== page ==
Friday, 21 March 2014

visiting the local wolf santuary

My daughter loves wolves so when we found out there was a wolf sanctuary only  a few minutes away from where we lived and the local homeschool group had scheduled a tour, we signed up so we could see the wolves.  Previous places we have visited have been truly rescue sanctuary, whereas this one is used more for breeding and release purposes.  It is part of the selective breeding services of the government to improve the population of released wolves in the wild and in zoos.

When we arrived the facility is behind a locked gate and we were escorted inside by a facility member

I was surprised to find out this facility used to be an old WWII supply center and there are still many bunkers and an old train station on the grounds.  Many are being converted by the university that owns the property.  
We first had a brief introduction to the type of wolves that they care for and what exactly the breeding program does.  There is a SSP program that ensures that the remaining wolves in the wild have the varied genetic pool to survive.  Wolves are entered into a computer site that matches females and males and then the wolves are moved around the country and even abroad to mate and produce offspring.  It sounded very complex but a really great system.  

Kids were introduce to the main types of animals this center breeds, Mane wolf, grey wolf, red wolf, painted dogs and swift foxes.

Next we went out to see their facilities and saw some of the dens the facility supplies for each mating pair

painted dogs--but hard to see here -- are considered a nuisance in Africa where they are from and are often killed by humans.  
A better picture of what the dog looks like:)  These dogs are being used to improve the dogs in zoos.  In fact the St Louis zoo is constructing habitat for a new painted dog exhibit:)
Recently it was discovered that in captivity the painted dogs are developing shorter legs because in the first 10 weeks of its life the young pups gorge eat to get the most nutrition.  In captivity the keepers were stricter with their diets and it was affecting their growth...modifications are now being made to improve the animal to make it more like the wild dogs.  We were also told these dogs have a strong jaw and can consume an animal in about 5 minutes bones and all--this is because in the wild they must complete with lions who will chase them away from their kills if they happen to come by.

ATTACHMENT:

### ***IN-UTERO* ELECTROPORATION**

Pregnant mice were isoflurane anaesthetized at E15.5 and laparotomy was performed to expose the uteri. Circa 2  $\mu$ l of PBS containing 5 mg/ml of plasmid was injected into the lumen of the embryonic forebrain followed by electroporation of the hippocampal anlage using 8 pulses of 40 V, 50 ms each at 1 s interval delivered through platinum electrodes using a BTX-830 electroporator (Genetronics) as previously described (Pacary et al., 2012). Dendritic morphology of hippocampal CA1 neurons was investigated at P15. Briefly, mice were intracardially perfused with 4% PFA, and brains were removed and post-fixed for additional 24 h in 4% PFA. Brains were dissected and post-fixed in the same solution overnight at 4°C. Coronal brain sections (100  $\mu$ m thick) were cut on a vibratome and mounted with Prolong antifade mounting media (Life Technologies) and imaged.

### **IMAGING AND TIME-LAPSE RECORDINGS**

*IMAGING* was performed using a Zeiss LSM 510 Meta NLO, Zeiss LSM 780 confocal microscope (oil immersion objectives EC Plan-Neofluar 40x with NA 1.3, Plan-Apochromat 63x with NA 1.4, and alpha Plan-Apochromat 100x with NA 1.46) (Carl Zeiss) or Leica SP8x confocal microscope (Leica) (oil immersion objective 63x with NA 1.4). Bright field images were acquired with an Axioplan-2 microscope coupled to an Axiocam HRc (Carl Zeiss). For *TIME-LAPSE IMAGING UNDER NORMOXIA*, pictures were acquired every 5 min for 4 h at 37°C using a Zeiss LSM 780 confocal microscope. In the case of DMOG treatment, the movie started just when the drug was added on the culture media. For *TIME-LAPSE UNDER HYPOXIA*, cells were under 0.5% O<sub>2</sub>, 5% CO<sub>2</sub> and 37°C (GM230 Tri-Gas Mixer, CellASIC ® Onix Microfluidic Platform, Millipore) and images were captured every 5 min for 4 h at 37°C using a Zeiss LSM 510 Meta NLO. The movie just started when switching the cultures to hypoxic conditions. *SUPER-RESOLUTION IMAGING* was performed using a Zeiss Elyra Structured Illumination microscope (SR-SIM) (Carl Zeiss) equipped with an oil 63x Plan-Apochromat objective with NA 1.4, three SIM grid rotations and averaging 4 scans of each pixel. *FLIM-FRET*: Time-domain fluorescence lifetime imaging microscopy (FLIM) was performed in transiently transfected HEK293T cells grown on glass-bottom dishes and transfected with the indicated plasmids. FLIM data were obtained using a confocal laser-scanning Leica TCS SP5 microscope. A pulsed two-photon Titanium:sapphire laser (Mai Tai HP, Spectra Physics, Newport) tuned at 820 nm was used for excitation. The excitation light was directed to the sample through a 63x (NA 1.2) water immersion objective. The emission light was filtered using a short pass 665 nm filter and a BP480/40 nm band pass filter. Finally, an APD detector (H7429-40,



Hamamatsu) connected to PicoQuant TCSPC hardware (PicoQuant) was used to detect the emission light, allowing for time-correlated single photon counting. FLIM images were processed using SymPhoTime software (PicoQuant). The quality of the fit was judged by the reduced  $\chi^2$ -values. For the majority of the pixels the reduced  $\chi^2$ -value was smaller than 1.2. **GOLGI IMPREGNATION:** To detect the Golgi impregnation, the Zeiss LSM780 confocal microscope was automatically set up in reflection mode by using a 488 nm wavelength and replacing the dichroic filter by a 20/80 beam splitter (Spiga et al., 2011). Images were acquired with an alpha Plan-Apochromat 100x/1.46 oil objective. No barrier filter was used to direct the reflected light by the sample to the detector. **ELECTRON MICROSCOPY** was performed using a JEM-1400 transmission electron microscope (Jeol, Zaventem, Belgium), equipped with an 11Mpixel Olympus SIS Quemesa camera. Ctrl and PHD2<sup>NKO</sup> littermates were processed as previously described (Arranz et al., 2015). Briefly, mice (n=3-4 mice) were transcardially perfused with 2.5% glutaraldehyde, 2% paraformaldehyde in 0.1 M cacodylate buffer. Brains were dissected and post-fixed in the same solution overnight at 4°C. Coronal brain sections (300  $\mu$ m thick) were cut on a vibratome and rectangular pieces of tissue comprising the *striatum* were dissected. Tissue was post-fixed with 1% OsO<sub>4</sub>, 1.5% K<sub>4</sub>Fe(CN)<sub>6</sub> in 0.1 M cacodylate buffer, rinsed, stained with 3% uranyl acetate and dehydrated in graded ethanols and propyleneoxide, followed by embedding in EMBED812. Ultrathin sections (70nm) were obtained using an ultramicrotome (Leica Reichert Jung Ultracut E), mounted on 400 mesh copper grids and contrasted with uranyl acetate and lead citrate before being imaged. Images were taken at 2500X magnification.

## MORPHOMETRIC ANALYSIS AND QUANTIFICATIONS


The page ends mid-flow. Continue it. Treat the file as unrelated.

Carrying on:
There were at one time, only 14 red woves left in the wild (I didn't get the year that was discovered)  however that number has gone up  140  wolves and they are being released in a protective area in North Carolina.

swift fox is now doing well in the United states but the breeding programs continues to help our neighbors to the North (Canda)These animals love to dig burrows and the fencing is built to go completely underground so the foxes can not escape.  A pack of swift foxes is called a skulk:)

Grey wolves have had the hardest time in the wild and at one time there were only 7 wolves known to exist.  Grey wolves have 5 subspecies which includes Tundra, Timberwolves, Prairie, arctic and Mexican wolf (which is the smallest of the sub species and they do not howl or bark)

there are now currently 83 wolves in the wild but they continue to struggle due to  ranchers continuing to blame the wolves for killing their animals.  I didn't realized that there is a government program set up to reimburse any rancher who has lost livestock to a wolf but many prefer to just kill the wolf.
The last animal we saw was the Mane wolf which is not really a wolf.  There were only 7 left in the wild at one time.  This animal is an omnivore.  It also walks differently than other wolves using a pacing gait, which means they move the same front and back leg at a time.  They also have gaps in their teeth which helps them hunt for animals in the tall grass.  The mate for life and do not live in packs only coming together to mate.

We found another 250th St Louis birthday cake!!
We were told that while wolves can live 6-7 years in the wild in captivity they lived about 11 years.  Many of the wolf pups here are released into the wild or sent to zoos.  They do keep special ones for breeding only.  We were told of one grey wolf who is 11 years old and has successfully been breed 9 times.  She is now in retirement and will live her life out at this facility.  Breeding her was extremely important as she was the last in her family line.

We hope to go back in late june when we will be able to see the wolf pups that have been born this year.


  1. Wow, that is fascinating. I don't particularly like wolves but this would be an amazing place to visit. I hadn't realised how endangered wolves are.

  2. That is really cool! I did not know that seven of a species was a enough to provide a diverse enough of a gene pool to save a species. Nor did I realize there were so many types of wolves. It is really sad how many people like to kill wolves.

  3. Wow, I learned a lot on this one. I had no idea that there were places like this. I found this post very interesting. The pictures and explanations were awesome. I am so amazed at the field adventures you take your children on. I do think they are getting a very well rounded education You should be proud of this; you are great parents
    Blessings for the learning moment today.